Petronio Alvarez Music Festival Is Colombia's Big Event Of Summer : Code Switch The Petronio Alvarez festival is the big event of the summer — five days of music and food and fashion. More than 100,000 people travel to celebrate Afro-Colombian culture.
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Colombia's Big Summer Music Festival Is All About Blackness

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Colombia's Big Summer Music Festival Is All About Blackness

Colombia's Big Summer Music Festival Is All About Blackness

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SCOTT SIMON, HOST:

In western Colombia, a big event of the summer - five days of music, food and fashion - is the Petronio Alvarez Festival. More than 300,000 people in the city of Cali all celebrate the culture of the country's Pacific region. Maria Paz Gutierrez from NPR's Code Switch podcast was there.

(SOUNDBITE OF MUSIC)

MARIA PAZ GUTIERREZ, BYLINE: It's not just Colombians. People from all over the world are here under Cali's sweltering heat to hear bombos, chirimias and, of course, marimbas - lots of marimbas.

(SOUNDBITE OF MUSIC)

PAZ GUTIERREZ: The whole thing is a huge party. And if you ask any Afro-Colombian how parties in the Pacific get started, they'll say one word.

UNIDENTIFIED PERSON #1: Viche (ph).

PAZ GUTIERREZ: Viche.

UNIDENTIFIED PERSON #3: (Speaking Spanish).

MICHAEL BIRENBAUM QUINTERO: Basically a kind of white rum. And viche means sort of not yet ripe.

PAZ GUTIERREZ: That's Michael Birenbaum Quintero, an ethnomusicologist at Boston University. He studies the music of Colombia's Pacific coast region.

BIRENBAUM QUINTERO: Viche is very important because, obviously, you can drink it and get drunk. But it's also used for different kinds of herbal preparations, different kinds of medicine.

PAZ GUTIERREZ: So I'm about to drink the viche curao (ph). Here we go. Oh, my God.

BIRENBAUM QUINTERO: (Laughter, speaking Spanish).

PAZ GUTIERREZ: Suddenly, across from the viche stands, a couple dozen Afro-Colombian dancers and musicians start to perform.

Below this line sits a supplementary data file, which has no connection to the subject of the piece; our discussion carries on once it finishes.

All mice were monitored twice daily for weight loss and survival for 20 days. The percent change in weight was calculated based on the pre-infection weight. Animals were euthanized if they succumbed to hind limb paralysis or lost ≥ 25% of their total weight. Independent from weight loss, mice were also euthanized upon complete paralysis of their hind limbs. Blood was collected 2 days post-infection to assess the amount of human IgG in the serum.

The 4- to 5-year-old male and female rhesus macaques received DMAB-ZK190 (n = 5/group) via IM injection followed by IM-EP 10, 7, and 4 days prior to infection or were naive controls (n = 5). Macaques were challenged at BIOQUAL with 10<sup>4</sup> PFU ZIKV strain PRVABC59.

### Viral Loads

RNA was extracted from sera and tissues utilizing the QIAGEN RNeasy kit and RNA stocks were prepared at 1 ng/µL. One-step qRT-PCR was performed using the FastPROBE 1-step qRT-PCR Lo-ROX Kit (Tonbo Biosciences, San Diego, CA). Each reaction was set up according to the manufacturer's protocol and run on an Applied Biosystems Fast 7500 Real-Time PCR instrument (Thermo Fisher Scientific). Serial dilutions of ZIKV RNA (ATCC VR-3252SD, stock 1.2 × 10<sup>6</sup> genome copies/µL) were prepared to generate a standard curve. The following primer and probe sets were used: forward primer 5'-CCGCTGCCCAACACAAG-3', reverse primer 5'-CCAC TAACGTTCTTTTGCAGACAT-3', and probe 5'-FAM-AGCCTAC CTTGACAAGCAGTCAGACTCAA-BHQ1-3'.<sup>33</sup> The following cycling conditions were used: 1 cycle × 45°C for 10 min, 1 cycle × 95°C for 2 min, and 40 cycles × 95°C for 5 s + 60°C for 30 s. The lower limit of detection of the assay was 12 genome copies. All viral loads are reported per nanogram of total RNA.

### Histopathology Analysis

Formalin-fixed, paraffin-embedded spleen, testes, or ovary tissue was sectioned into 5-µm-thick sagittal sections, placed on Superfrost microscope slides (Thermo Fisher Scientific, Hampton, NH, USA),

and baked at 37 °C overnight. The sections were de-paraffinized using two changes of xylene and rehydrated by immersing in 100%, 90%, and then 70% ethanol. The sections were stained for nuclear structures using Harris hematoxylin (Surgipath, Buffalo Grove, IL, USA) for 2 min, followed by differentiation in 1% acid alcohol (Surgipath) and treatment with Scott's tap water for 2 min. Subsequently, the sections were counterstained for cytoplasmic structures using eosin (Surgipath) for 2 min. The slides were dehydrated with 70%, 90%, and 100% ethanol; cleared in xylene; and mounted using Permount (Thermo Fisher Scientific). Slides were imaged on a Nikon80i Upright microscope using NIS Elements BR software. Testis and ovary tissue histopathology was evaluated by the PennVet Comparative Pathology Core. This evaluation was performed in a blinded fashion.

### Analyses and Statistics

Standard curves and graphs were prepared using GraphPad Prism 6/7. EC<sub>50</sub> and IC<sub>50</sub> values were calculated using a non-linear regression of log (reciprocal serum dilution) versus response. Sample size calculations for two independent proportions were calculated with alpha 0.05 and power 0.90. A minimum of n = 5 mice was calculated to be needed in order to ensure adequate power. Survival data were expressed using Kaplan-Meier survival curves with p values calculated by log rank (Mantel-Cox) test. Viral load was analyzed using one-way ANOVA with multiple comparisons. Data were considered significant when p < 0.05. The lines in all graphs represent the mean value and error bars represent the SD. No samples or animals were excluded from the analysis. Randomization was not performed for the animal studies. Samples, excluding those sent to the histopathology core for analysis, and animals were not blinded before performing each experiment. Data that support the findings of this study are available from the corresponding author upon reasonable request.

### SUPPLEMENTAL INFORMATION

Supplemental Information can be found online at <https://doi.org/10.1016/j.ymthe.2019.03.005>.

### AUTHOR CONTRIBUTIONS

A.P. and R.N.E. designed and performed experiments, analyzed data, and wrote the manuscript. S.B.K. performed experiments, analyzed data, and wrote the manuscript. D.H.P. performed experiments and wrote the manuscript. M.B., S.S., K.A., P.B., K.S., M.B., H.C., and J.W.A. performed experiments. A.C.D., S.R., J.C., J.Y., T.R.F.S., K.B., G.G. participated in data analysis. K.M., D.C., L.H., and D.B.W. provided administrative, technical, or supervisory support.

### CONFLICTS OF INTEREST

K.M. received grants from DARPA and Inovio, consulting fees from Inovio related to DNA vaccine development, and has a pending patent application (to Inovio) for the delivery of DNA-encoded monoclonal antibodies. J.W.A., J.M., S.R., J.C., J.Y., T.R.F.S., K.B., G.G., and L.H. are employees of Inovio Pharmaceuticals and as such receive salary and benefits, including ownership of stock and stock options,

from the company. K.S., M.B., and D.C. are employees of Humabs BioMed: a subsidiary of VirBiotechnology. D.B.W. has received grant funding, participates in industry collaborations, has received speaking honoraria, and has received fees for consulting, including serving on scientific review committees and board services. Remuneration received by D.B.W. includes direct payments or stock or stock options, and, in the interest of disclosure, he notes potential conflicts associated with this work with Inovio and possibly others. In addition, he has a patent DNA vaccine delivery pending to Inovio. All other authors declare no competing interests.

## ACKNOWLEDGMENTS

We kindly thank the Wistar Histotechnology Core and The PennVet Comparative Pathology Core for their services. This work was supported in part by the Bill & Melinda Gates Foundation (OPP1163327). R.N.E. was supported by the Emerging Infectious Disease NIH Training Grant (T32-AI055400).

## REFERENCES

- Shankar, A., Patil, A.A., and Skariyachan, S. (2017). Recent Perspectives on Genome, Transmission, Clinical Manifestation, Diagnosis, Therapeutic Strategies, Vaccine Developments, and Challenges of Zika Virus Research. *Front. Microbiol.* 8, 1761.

(SOUNDBITE OF PERFORMANCE)

BIRENBAUM QUINTERO: So right now we're seeing a bunch of young people - I'm guessing that their high school students - in these very beautiful, very bright-colored uniforms. And they're doing folkloric dance in these lines with each other. I think this is a kind of dance from Choco, the northern part of the Pacific coast.

(CHEERING)

PAZ GUTIERREZ: Behind them, rows of stand selling traditional Afro-Colombian seafood dishes.

UNIDENTIFIED PERSON #2: (Speaking Spanish).

BIRENBAUM QUINTERO: So I have a bowl of muchilla, which is like a big crayfish. It's got, like, the eyeballs and the whole setup. Oh, it's all on my face. I could feel it.

PAZ GUTIERREZ: It's all in my teeth. I can taste it.

With food in my teeth and all, we get a little serious. Michael tells me this festival is about more than just viche and seafood and really great music.

BIRENBAUM QUINTERO: A national identity isn't something which just happens. One of the reasons why the Colombian state is invested in this is because it's teaching Colombians about themselves.

PAZ GUTIERREZ: The Pacific region is a couple hours east of Cali, and it's home to a large Afro-Colombian population. This festival celebrates their rich African roots. It's also a space where people can talk openly about the region's problems. Many have been displaced to this city because of the high levels of violence and poverty in the Pacific region.

ELENA HINESTROSA: (Singing in Spanish).

PAZ GUTIERREZ: For the love of the earth, the people demand a solution, sings Elena Hinestrosa. She's a proud black poet and a (speaking Spanish) or singer. And she leads Integracion Pacifica, a 10-member ensemble.

(SOUNDBITE OF INTEGRACION PACIFICA PERFORMANCE)

INTEGRACION PACIFICA: (Singing in Spanish).

HINESTROSA: (Speaking Spanish).

PAZ GUTIERREZ: She's glad to put the Petronio Festival exists because, she says, after being forced to leave your hometown, if you don't hear your music, then you've lost your culture.

(SOUNDBITE OF INTEGRACION PACIFICA PERFORMANCE)

INTEGRACION PACIFICA: (Singing in Spanish).

(CHEERING, APPLAUSE)

PAZ GUTIERREZ: At the Petronio, that culture is everywhere between live music...

(SOUNDBITE OF MUSIC)

PAZ GUTIERREZ: ...The endless delicious snacks from the Pacific Coast...

UNIDENTIFIED PERSON #4: (Speaking Spanish).

PAZ GUTIERREZ: ...And the young black people who proudly wear Afrocentric styles.

EVELYN BONILLA: (Speaking Spanish).

PAZ GUTIERREZ: Evelyn Bonilla (ph) is a 23-year-old from the Pacific who looks beautiful with her hair in long braids.

BONILLA: (Speaking Spanish).

PAZ GUTIERREZ: This event helped me take ownership of my customs and culture, she says...

BONILLA: (Speaking Spanish).

PAZ GUTIERREZ: ...Like wearing head wraps and colorful skirts, that's what I like.

(SOUNDBITE OF MUSIC)

PAZ GUTIERREZ: In a city where black people sometimes say they feel invisible, the Petronio is a place where they feel a sense of belonging, where activists, musicians and friends can shout we Afro-Colombians are here, and we're Colombian, too.

(SOUNDBITE OF MUSIC)

UNIDENTIFIED GROUP: (Singing in Spanish).

PAZ GUTIERREZ: Maria Paz Gutierrez, NPR News, Cali, Colombia.

(SOUNDBITE OF ARCHIVED RECORDING)

UNIDENTIFIED GROUP: (Singing in Spanish).

SIMON: This is WEEKEND EDITION from NPR News. I'm Scott Simon.

(SOUNDBITE OF MUSIC)

UNIDENTIFIED GROUP: (Singing in Spanish).

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